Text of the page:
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Last updated on April 18, 2014 at 6:20 EDT

New Software May Help Stop Tiger Poaching

March 11, 2009

A team of scientists has unveiled a new piece of software that is able to identify individual tigers by the unique stripe patterns on their coats, which the developers say will make it easier to estimate tiger populations and aid conservation efforts, BBC News reported.

The technology can also match skins sold on the black market to photographs of the animals taken using camera traps, researchers based in the UK and India reported in the journal Biology Letters.

The researchers based the program on similar software originally designed to scan the markings of grey seals and identify them from photographs.

Once it was adapted for tiger stripes, they combined it with a 3D map of the surface of a tiger’s body, enabling them to effectively unwrap the pattern of stripes from an image of a live animal and match it to picture of the flat skin.

“Tigers are very secretive animals and it is a major challenge to estimate their numbers,” said Dr. Ullas Karanth, a researcher from the Wildlife Conservation Society India Program, who worked on the project with the UK-based company Conservation Research.

Karanth said he came up with the idea of using camera traps – hidden cameras operated by trip wires – to monitor tiger populations more than a decade ago.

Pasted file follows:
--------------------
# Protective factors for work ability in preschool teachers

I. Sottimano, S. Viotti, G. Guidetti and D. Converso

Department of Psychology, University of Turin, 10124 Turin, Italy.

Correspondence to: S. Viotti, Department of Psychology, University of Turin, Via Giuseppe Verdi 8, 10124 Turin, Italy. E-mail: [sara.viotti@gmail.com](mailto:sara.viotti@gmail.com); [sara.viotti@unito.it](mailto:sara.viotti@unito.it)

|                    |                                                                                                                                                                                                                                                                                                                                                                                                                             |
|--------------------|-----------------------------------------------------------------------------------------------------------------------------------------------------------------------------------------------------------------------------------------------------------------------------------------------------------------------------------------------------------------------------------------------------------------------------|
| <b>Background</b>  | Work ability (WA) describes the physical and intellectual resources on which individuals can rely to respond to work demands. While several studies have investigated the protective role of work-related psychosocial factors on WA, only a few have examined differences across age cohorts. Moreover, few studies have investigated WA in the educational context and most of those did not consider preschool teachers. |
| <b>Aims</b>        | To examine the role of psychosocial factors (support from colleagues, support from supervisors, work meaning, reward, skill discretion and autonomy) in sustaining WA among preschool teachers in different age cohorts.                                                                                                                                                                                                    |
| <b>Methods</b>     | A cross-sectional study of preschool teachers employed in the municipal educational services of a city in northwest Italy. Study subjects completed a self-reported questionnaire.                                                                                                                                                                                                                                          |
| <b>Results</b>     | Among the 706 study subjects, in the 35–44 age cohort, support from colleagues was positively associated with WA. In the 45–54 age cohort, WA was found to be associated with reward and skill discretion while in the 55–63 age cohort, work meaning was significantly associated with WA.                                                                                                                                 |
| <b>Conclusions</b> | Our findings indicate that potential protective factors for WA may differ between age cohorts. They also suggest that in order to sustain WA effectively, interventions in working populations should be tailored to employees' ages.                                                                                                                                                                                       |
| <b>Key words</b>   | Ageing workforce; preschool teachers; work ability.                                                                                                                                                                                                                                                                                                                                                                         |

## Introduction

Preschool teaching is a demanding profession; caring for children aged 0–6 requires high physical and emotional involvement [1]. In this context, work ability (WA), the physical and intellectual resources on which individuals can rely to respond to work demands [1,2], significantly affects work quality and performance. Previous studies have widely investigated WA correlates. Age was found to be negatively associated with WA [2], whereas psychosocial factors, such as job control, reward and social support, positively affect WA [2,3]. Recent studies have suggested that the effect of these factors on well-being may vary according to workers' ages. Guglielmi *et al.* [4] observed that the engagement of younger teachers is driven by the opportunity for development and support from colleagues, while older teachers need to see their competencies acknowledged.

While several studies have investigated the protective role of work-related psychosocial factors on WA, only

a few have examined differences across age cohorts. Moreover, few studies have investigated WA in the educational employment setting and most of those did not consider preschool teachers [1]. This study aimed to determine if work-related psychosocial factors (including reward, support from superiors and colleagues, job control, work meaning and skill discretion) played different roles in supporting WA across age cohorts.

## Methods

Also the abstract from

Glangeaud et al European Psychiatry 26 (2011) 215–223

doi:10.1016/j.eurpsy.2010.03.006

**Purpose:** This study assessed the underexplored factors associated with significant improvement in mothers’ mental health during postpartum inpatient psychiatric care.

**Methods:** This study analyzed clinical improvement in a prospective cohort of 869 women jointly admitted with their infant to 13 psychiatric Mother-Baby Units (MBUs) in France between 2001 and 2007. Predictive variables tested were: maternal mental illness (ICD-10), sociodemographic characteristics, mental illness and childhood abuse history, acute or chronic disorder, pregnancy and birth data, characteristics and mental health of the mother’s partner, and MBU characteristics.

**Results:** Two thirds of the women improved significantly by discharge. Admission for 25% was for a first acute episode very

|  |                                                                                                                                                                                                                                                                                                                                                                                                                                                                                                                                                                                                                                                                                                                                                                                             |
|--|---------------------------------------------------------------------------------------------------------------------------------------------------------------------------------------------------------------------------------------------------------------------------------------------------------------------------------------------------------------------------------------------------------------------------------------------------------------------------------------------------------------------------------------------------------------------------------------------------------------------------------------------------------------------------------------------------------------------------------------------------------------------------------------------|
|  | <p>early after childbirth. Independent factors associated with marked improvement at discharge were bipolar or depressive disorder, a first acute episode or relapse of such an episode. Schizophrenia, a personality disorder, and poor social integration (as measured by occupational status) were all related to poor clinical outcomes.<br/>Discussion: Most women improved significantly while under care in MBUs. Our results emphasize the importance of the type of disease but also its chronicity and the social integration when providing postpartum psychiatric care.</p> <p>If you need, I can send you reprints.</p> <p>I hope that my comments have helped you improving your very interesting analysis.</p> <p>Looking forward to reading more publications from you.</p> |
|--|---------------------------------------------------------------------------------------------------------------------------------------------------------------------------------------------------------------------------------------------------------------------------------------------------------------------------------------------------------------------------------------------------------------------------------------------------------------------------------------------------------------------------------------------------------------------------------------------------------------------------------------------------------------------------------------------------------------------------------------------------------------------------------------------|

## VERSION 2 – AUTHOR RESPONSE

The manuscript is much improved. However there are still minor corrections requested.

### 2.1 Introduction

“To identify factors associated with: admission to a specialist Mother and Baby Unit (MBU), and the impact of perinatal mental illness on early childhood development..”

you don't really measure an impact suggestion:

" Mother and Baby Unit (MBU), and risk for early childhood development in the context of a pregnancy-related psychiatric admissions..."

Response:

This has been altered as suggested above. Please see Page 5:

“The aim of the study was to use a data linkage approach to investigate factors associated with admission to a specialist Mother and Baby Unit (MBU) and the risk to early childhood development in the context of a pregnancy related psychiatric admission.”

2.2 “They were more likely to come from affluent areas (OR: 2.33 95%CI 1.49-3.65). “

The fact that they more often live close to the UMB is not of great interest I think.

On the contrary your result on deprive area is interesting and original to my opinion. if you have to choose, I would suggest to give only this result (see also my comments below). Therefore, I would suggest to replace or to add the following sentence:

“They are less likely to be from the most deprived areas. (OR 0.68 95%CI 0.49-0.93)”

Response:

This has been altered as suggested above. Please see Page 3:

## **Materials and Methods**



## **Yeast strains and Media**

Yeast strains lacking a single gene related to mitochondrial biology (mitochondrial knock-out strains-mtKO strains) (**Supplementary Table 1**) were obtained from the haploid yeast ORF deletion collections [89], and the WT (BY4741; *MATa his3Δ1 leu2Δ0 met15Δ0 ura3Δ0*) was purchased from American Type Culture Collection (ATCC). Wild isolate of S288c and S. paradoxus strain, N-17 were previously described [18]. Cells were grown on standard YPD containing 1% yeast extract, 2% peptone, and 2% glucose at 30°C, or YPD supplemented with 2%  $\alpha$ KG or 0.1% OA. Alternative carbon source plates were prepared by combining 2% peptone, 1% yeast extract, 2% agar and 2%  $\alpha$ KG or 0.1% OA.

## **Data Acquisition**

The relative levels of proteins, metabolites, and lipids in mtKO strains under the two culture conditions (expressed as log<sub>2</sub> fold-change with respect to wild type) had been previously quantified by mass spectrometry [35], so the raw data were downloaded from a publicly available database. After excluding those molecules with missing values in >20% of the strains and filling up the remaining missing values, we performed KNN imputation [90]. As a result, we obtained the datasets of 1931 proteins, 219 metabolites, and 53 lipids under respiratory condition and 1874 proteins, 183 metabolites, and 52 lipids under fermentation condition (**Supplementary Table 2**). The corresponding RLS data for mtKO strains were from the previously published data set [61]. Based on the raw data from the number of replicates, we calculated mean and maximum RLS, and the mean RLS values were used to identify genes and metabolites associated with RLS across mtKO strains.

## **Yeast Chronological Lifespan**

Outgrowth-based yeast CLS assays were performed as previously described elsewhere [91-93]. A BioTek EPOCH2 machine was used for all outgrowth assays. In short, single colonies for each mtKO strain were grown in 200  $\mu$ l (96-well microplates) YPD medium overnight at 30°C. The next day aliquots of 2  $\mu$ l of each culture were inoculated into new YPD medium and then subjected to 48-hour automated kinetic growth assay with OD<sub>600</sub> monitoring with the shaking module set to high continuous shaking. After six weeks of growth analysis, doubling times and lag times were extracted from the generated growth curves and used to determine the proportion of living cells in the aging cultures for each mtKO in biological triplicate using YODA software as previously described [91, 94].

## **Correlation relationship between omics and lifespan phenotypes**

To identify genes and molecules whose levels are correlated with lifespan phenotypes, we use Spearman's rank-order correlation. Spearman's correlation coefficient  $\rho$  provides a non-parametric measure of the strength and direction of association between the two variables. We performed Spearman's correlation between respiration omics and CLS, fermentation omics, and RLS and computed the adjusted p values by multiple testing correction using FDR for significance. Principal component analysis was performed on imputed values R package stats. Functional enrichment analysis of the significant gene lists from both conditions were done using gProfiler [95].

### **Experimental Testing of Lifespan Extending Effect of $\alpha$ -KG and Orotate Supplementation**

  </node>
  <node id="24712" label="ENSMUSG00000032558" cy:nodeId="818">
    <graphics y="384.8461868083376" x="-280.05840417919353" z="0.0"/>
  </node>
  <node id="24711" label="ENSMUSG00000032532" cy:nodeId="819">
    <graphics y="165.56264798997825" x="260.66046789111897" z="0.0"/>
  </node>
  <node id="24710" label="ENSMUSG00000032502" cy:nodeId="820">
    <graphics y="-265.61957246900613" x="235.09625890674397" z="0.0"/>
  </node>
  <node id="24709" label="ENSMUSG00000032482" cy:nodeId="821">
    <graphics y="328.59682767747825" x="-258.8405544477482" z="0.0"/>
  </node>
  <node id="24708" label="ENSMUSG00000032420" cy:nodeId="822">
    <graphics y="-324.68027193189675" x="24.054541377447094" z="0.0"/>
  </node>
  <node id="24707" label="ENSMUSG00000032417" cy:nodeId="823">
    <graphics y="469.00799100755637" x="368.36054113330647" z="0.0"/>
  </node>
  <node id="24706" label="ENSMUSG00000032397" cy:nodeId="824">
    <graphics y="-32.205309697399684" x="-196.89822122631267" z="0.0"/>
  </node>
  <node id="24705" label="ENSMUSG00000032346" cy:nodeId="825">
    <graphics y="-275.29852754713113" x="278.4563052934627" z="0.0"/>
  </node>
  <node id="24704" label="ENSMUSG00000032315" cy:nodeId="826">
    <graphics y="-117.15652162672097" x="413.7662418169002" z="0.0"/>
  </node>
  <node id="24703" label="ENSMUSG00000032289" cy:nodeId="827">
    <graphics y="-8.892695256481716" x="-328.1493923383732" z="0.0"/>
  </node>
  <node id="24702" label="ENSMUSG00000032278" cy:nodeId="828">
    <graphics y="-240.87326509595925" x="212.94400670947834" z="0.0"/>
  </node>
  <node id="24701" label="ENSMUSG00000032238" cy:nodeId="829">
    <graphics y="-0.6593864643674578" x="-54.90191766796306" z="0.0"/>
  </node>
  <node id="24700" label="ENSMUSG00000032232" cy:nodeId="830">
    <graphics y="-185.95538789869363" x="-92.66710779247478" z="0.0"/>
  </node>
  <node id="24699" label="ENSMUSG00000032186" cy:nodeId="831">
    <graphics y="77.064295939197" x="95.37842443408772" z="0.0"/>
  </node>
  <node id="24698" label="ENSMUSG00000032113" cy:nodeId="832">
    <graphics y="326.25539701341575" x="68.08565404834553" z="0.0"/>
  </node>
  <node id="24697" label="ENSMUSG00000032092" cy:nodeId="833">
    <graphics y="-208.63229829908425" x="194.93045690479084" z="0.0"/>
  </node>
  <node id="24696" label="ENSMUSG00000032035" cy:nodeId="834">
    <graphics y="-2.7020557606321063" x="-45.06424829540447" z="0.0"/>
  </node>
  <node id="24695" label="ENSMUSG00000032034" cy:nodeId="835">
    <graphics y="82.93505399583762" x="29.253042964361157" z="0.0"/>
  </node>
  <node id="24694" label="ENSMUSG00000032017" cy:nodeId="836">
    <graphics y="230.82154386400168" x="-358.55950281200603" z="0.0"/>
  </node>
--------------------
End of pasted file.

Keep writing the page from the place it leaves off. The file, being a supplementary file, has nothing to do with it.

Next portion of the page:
Experts now use a combination of this automated photography for tagging and tracking the animals in order to monitor their numbers.

However, Karanth says each new photograph of a tiger had to be compared with every animal in a database of images, something he called a “laborious process.”

“No piece of software is as good at discerning shapes as the human brain, but we can use this to shortlist the most likely matches, and then eyeball the photos in that shortlist,” Karanth told BBC News.

During trial testing, Karanth and his colleagues found images of three tigers that, it turned out, had later been killed by poachers, which inspired the designers to build in a forensic tool that could be used to trace the origin of any skin to a photograph of the tiger.

The program was also adapted for other species with unique markings, including leopards, zebras and salamanders.

Simplifying the process of identifying tigers from camera trap images would be very beneficial to conservation research, according to Belinda Wright, the executive director of the Wildlife Protection Society of India, an organization that investigates every tiger death in the country.

Unfortunately, opportunities to find the origin of a confiscated tiger skin are rare, she said, adding that skins are often seized in very remote locations, and decent photographs of them are hard to come by.

She also stated that camera trapping is not yet carried out continuously in all of the areas throughout India where tigers live, which would be necessary to maintain a census of the tiger population, she said.

She believes that until camera trapping is a regular and ongoing process, the usefulness of the promising software will be limited.

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